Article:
Marketplace: Microsoft's Non-Hyper-V Hypervisor

Almost no one paid attention when MS divulged details on its cloud-based Hyper-V. Here's what you need to know so far.

In this virtualization-crazed environment, it's not often that Microsoft develops a new hypervisor with almost no one knowing anything about it. But that seems to be the case with the Windows Azure hypervisor.

Azure is Microsoft's new cloud-computing platform, announced at the recent Professional Developer's Conference (PDC). At the show, InfoWorld Media Group Inc. interviewed Microsoft corporate vice president Amitabh Srivistava, who let slip this juicy nugget:

"We have our own hypervisor, which we've designed specifically for the design point. We just call it Windows Azure hypervisor, but a lot of the advancements we're making are moving into Hyper-V, [so] the same thing will be available to the on-premises customer ... that's what [Microsoft engineer] Dave Cutler has done in really optimizing the thing out, so the overhead of the hypervisor is extremely low. And when the hypervisor overhead is low, then we can get maximum utilization by dividing the machine."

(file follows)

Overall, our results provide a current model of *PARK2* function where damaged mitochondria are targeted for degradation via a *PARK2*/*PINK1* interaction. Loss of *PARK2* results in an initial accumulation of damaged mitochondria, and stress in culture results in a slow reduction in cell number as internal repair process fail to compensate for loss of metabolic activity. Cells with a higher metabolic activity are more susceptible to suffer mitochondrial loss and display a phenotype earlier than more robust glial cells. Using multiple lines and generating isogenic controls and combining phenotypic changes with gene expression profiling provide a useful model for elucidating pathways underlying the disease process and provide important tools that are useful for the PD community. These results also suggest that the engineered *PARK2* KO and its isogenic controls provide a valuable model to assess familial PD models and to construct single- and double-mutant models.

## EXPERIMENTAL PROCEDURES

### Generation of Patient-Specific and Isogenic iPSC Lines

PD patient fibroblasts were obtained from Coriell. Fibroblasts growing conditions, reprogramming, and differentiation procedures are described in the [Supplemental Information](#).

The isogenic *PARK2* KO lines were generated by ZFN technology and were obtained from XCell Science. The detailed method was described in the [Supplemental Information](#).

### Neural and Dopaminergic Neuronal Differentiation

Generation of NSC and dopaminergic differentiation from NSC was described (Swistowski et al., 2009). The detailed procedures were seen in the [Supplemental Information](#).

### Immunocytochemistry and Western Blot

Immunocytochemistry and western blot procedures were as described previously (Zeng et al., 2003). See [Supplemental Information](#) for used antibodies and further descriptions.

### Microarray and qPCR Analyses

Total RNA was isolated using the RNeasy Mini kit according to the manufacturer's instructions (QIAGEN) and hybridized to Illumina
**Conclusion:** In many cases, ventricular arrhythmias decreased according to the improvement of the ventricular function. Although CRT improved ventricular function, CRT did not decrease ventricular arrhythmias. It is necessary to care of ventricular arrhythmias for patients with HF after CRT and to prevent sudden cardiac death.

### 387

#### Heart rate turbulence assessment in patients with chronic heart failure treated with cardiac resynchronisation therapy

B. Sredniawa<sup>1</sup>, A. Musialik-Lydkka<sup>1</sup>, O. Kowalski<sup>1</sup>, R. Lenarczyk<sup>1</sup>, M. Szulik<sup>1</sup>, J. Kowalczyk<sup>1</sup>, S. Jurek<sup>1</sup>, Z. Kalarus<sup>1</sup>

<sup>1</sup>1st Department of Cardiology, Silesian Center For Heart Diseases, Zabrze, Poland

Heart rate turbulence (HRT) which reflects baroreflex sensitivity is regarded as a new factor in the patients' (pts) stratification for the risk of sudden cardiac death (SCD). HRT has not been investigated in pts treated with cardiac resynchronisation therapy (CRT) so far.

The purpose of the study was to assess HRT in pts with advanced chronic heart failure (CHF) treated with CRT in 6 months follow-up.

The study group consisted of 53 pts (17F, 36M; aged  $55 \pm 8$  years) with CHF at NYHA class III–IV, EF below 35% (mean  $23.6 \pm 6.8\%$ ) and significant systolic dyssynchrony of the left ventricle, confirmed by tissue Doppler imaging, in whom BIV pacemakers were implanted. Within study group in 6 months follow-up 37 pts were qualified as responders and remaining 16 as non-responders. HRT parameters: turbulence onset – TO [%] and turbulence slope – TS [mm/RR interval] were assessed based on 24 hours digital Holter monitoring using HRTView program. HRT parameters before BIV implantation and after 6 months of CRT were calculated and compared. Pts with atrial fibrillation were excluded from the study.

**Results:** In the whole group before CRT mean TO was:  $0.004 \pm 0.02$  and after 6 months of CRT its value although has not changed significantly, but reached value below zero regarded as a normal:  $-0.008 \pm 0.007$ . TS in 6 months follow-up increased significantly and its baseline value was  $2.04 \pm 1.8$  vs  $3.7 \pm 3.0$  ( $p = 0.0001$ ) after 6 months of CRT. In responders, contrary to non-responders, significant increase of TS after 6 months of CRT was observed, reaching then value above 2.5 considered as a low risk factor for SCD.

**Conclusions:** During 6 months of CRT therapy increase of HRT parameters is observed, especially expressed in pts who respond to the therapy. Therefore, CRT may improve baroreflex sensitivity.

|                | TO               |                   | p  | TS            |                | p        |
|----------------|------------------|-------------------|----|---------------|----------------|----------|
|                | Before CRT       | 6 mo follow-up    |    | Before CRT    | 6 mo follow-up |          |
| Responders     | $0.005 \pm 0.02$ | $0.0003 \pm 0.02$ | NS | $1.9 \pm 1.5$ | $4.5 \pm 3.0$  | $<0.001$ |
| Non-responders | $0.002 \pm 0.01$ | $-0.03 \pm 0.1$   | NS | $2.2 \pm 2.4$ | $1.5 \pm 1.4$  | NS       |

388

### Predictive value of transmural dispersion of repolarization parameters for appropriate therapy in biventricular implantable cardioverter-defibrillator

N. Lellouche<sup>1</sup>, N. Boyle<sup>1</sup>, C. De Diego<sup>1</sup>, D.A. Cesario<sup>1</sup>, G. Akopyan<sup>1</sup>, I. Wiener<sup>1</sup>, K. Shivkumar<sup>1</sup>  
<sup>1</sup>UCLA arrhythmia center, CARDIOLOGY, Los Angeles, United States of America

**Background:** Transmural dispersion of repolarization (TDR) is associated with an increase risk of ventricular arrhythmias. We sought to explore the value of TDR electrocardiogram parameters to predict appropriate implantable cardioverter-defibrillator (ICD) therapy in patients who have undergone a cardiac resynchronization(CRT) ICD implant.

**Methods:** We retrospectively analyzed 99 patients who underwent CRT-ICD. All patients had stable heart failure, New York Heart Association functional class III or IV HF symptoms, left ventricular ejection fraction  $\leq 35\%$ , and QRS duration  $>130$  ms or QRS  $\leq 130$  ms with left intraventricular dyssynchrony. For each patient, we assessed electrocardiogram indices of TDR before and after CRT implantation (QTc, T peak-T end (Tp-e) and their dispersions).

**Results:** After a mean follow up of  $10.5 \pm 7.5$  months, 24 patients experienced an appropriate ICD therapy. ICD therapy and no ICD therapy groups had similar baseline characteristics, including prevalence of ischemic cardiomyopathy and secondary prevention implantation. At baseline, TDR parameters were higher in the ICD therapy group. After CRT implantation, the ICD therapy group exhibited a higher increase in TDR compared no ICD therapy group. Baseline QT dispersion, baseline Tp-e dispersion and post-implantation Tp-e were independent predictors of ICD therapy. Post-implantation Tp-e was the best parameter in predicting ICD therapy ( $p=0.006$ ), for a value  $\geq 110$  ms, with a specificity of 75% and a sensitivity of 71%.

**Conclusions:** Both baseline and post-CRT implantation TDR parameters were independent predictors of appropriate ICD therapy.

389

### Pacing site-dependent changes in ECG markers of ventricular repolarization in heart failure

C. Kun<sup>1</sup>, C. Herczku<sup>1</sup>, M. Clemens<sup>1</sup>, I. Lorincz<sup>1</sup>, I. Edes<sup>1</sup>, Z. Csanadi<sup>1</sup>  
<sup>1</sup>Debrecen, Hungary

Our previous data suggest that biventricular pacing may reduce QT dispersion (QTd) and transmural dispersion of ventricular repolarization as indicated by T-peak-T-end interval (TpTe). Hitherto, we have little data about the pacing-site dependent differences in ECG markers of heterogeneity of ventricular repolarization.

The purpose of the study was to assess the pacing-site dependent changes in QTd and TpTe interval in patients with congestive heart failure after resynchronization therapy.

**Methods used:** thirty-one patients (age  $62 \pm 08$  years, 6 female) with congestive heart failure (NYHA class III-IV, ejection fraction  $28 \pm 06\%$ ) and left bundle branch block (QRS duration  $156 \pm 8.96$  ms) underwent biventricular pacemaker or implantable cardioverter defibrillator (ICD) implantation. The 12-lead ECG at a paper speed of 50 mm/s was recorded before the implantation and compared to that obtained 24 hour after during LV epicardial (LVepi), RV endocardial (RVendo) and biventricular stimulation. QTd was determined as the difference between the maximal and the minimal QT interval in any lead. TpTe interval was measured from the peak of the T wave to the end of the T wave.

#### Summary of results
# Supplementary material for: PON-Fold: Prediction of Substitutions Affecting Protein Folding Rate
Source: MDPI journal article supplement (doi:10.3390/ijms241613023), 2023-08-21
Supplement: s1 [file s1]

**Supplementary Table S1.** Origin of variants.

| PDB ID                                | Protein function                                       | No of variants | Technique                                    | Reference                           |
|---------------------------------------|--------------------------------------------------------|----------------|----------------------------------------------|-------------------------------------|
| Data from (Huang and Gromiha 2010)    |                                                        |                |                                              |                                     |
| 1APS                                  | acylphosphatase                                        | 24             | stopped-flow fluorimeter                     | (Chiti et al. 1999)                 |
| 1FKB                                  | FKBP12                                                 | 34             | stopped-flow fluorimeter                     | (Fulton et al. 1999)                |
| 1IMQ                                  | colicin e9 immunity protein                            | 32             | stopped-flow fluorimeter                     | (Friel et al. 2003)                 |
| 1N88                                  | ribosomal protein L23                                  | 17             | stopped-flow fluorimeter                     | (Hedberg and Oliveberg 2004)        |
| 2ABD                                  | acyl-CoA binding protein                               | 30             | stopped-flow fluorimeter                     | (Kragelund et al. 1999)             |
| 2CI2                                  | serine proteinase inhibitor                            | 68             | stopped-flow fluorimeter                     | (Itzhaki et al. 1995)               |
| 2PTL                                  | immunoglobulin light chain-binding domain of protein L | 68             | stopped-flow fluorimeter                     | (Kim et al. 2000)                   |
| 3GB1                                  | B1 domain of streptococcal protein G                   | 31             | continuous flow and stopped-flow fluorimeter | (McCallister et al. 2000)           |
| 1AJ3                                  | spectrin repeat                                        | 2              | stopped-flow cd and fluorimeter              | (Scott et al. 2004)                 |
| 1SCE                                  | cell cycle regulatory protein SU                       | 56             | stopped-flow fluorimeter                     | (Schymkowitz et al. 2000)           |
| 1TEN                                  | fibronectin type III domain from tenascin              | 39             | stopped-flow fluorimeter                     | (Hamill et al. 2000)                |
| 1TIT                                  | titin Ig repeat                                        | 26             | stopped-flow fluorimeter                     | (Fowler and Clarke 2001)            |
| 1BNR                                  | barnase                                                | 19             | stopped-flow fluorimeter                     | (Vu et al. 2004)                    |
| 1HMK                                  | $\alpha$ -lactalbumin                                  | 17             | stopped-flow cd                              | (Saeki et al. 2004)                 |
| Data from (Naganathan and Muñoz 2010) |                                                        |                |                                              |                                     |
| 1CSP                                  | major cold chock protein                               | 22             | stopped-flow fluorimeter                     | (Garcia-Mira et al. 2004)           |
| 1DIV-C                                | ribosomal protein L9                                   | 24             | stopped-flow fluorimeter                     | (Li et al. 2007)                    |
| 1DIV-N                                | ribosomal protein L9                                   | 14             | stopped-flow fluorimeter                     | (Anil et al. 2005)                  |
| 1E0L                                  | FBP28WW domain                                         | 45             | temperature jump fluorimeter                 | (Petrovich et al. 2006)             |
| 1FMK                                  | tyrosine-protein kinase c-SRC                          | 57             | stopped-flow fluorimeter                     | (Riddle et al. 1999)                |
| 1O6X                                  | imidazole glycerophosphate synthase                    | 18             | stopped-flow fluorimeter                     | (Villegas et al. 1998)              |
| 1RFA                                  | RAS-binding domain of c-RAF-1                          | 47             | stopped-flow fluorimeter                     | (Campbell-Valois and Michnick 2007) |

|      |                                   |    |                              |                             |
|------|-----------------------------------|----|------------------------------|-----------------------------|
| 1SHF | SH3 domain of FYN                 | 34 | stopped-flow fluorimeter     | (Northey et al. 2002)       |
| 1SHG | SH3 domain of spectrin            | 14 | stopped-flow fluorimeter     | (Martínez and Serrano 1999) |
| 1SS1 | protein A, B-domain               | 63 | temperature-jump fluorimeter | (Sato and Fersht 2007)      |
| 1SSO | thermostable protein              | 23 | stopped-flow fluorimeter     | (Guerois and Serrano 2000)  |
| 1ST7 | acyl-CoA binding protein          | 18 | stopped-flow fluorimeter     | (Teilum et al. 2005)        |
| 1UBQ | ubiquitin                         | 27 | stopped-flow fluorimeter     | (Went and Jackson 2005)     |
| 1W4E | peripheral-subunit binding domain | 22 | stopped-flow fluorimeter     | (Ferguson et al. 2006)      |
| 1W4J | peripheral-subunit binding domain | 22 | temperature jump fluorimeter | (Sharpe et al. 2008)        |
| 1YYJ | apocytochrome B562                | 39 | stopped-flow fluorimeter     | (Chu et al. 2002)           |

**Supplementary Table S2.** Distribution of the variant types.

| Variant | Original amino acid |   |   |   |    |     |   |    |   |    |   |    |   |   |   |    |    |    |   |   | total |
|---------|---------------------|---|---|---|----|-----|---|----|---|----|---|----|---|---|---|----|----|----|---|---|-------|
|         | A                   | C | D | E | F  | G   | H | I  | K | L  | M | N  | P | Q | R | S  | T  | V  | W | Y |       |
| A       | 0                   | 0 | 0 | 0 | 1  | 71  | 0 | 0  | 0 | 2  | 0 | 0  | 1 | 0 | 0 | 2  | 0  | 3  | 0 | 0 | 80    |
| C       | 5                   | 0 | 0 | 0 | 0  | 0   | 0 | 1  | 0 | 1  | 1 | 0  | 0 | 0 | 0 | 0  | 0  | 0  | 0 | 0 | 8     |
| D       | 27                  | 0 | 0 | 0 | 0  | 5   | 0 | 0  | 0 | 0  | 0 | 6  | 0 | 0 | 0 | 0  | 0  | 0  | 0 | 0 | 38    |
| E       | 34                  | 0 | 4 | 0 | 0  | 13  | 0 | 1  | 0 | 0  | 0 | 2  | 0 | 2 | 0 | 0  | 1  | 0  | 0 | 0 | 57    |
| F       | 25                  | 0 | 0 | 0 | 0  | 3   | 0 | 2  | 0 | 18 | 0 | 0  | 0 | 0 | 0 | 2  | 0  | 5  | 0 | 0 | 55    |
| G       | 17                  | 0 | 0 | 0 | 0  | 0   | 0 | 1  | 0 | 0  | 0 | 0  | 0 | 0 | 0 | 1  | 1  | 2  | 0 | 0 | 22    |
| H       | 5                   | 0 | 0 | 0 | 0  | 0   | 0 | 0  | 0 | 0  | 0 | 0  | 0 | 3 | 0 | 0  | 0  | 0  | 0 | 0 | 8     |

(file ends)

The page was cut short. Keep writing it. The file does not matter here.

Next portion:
Microsoft Corporate Vice President Amitabh Srivistava

So, Microsoft has developed a separate hypervisor for cloud computing, and, although development started after Hyper-V, elements of it will be folded into future versions of Hyper-V. It also appears that the Azure hypervisor will be more efficient than Hyper-V, which is efficient to begin with.

The question is, why didn't Microsoft just use Hyper-V -- or a specially tuned version of it for cloud computing -- as the Azure hypervisor? Why use resources developing a separate hypervisor when large amounts of resources were spent on Hyper-V? And if it has significant advantages over Hyper-V, why continue to develop Hyper-V, rather than move to the Azure hypervisor? Hopefully, answers to those questions are coming.

About the Author

Keith Ward is the editor in chief of Virtualization & Cloud Review. Follow him on Twitter @VirtReviewKeith.